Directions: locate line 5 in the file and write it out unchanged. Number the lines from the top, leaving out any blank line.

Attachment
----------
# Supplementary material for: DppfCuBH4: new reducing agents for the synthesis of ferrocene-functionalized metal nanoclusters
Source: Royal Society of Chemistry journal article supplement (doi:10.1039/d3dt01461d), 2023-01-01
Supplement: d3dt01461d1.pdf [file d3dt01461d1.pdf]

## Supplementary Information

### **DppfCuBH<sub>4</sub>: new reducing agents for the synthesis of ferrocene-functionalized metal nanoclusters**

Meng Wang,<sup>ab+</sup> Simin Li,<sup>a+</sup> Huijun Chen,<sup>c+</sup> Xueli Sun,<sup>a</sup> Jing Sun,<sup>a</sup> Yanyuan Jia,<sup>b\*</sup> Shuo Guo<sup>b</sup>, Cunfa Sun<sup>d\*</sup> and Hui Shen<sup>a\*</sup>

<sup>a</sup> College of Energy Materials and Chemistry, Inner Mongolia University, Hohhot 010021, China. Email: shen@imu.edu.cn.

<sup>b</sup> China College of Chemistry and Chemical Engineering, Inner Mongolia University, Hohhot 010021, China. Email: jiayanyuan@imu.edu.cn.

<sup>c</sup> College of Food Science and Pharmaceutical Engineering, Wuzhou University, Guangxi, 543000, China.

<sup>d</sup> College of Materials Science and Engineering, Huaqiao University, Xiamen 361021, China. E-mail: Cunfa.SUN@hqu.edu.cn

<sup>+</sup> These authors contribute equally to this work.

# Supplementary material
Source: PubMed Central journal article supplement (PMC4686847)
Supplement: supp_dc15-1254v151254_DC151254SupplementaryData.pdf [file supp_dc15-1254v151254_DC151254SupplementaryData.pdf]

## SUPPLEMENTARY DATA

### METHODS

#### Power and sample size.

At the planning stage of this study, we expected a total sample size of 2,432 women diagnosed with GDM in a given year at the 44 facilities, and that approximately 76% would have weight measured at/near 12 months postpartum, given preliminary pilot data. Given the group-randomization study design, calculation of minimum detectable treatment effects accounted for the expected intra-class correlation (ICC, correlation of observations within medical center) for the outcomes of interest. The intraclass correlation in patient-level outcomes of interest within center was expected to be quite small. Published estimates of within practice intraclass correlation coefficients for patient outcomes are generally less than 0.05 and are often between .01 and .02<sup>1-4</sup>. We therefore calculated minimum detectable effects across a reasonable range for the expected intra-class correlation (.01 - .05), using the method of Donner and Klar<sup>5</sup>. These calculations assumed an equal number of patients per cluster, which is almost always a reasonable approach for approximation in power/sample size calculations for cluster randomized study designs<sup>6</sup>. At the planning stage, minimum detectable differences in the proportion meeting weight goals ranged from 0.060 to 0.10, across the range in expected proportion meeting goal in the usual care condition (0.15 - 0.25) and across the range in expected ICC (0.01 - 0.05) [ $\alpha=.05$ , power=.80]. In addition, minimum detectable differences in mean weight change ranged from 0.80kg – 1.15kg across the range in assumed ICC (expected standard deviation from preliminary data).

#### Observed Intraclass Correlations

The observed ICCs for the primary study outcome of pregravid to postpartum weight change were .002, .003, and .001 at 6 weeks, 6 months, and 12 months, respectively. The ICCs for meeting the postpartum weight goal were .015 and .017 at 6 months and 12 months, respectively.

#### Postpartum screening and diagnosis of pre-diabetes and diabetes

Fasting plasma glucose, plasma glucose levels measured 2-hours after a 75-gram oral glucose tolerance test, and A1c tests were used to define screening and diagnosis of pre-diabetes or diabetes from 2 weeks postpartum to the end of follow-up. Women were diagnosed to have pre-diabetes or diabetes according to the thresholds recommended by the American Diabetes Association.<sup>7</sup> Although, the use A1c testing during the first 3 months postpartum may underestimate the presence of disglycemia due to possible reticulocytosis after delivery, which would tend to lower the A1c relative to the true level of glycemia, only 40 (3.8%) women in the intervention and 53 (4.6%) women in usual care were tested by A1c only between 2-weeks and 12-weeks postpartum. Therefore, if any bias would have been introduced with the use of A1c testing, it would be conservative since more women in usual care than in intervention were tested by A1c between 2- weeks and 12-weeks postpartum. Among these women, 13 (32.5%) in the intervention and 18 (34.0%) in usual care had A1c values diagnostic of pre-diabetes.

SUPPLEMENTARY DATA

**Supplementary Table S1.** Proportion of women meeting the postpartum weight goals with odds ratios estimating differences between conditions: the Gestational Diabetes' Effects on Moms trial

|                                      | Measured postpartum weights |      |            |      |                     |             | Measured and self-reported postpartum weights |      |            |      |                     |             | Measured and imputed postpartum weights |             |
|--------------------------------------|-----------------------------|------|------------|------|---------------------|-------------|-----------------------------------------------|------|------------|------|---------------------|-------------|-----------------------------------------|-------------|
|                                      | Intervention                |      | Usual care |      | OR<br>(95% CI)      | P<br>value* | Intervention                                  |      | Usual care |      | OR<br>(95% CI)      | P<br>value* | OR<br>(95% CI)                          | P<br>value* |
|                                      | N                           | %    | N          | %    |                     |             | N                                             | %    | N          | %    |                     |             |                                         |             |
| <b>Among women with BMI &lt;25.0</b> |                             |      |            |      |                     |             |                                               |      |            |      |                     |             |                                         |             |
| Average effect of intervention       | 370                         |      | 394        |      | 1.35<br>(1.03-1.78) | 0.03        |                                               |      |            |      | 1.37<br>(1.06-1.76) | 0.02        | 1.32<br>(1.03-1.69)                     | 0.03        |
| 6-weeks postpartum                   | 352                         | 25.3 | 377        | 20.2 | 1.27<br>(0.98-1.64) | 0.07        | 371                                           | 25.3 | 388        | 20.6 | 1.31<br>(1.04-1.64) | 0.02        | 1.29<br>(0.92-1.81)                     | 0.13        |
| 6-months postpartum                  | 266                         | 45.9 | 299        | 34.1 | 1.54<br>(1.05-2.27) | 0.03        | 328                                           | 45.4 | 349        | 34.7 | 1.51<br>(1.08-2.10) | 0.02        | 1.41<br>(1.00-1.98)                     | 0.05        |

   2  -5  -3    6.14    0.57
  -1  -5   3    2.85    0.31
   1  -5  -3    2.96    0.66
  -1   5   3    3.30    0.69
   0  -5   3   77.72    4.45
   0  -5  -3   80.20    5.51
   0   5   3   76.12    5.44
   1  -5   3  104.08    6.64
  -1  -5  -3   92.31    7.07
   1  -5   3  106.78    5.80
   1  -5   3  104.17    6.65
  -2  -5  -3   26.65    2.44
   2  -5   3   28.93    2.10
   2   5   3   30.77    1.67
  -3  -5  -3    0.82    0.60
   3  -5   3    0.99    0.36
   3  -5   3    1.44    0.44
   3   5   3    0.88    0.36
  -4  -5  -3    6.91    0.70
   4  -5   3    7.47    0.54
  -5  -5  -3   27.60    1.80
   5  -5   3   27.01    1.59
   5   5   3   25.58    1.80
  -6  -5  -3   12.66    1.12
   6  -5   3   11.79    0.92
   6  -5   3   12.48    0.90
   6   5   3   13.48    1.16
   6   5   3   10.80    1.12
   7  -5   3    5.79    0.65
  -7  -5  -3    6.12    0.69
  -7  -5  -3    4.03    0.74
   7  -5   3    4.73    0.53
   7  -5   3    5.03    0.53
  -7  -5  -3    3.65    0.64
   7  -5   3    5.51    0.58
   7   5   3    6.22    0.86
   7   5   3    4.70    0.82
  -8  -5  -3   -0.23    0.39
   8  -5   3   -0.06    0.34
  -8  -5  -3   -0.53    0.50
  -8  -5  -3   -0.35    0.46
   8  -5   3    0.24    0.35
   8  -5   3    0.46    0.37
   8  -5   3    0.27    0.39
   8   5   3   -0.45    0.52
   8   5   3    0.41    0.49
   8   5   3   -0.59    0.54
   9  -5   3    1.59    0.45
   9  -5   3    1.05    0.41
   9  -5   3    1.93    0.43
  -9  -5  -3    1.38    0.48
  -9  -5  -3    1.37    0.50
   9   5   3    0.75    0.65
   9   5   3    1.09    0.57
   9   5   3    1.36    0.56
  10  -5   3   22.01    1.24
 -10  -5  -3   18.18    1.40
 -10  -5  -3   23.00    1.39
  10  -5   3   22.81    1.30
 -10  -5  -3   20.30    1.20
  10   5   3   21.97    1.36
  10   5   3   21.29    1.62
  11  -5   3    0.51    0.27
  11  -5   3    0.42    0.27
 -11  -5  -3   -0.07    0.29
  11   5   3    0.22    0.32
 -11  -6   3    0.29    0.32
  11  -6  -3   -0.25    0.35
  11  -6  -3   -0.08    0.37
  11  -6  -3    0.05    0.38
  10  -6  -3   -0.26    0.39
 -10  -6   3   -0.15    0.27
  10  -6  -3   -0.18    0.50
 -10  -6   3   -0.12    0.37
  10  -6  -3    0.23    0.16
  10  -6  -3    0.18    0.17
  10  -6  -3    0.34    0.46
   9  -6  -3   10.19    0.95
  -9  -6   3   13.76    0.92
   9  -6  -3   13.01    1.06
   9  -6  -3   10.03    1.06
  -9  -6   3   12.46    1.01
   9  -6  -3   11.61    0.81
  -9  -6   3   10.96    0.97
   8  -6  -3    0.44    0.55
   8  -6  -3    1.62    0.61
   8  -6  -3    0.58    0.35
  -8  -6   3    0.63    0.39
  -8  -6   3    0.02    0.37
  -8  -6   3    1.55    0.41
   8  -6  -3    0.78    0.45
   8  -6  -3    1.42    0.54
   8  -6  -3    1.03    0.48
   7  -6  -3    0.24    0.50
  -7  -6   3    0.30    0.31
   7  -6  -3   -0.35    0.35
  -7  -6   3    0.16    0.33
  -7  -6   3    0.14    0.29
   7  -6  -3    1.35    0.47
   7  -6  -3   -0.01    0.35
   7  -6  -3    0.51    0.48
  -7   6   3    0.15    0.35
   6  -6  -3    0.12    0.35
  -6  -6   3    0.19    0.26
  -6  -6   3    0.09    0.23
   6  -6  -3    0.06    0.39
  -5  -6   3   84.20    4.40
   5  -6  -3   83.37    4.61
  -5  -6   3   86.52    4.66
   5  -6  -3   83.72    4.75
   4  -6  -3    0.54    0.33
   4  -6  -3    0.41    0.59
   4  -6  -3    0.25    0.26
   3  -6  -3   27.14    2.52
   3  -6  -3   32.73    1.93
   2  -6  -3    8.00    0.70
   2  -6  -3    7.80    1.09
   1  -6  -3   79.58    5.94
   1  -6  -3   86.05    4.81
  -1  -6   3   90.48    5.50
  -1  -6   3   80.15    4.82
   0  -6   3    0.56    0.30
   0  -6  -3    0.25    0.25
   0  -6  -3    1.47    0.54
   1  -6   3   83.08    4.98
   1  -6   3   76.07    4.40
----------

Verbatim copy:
### **DppfCuBH<sub>4</sub>: new reducing agents for the synthesis of ferrocene-functionalized metal nanoclusters**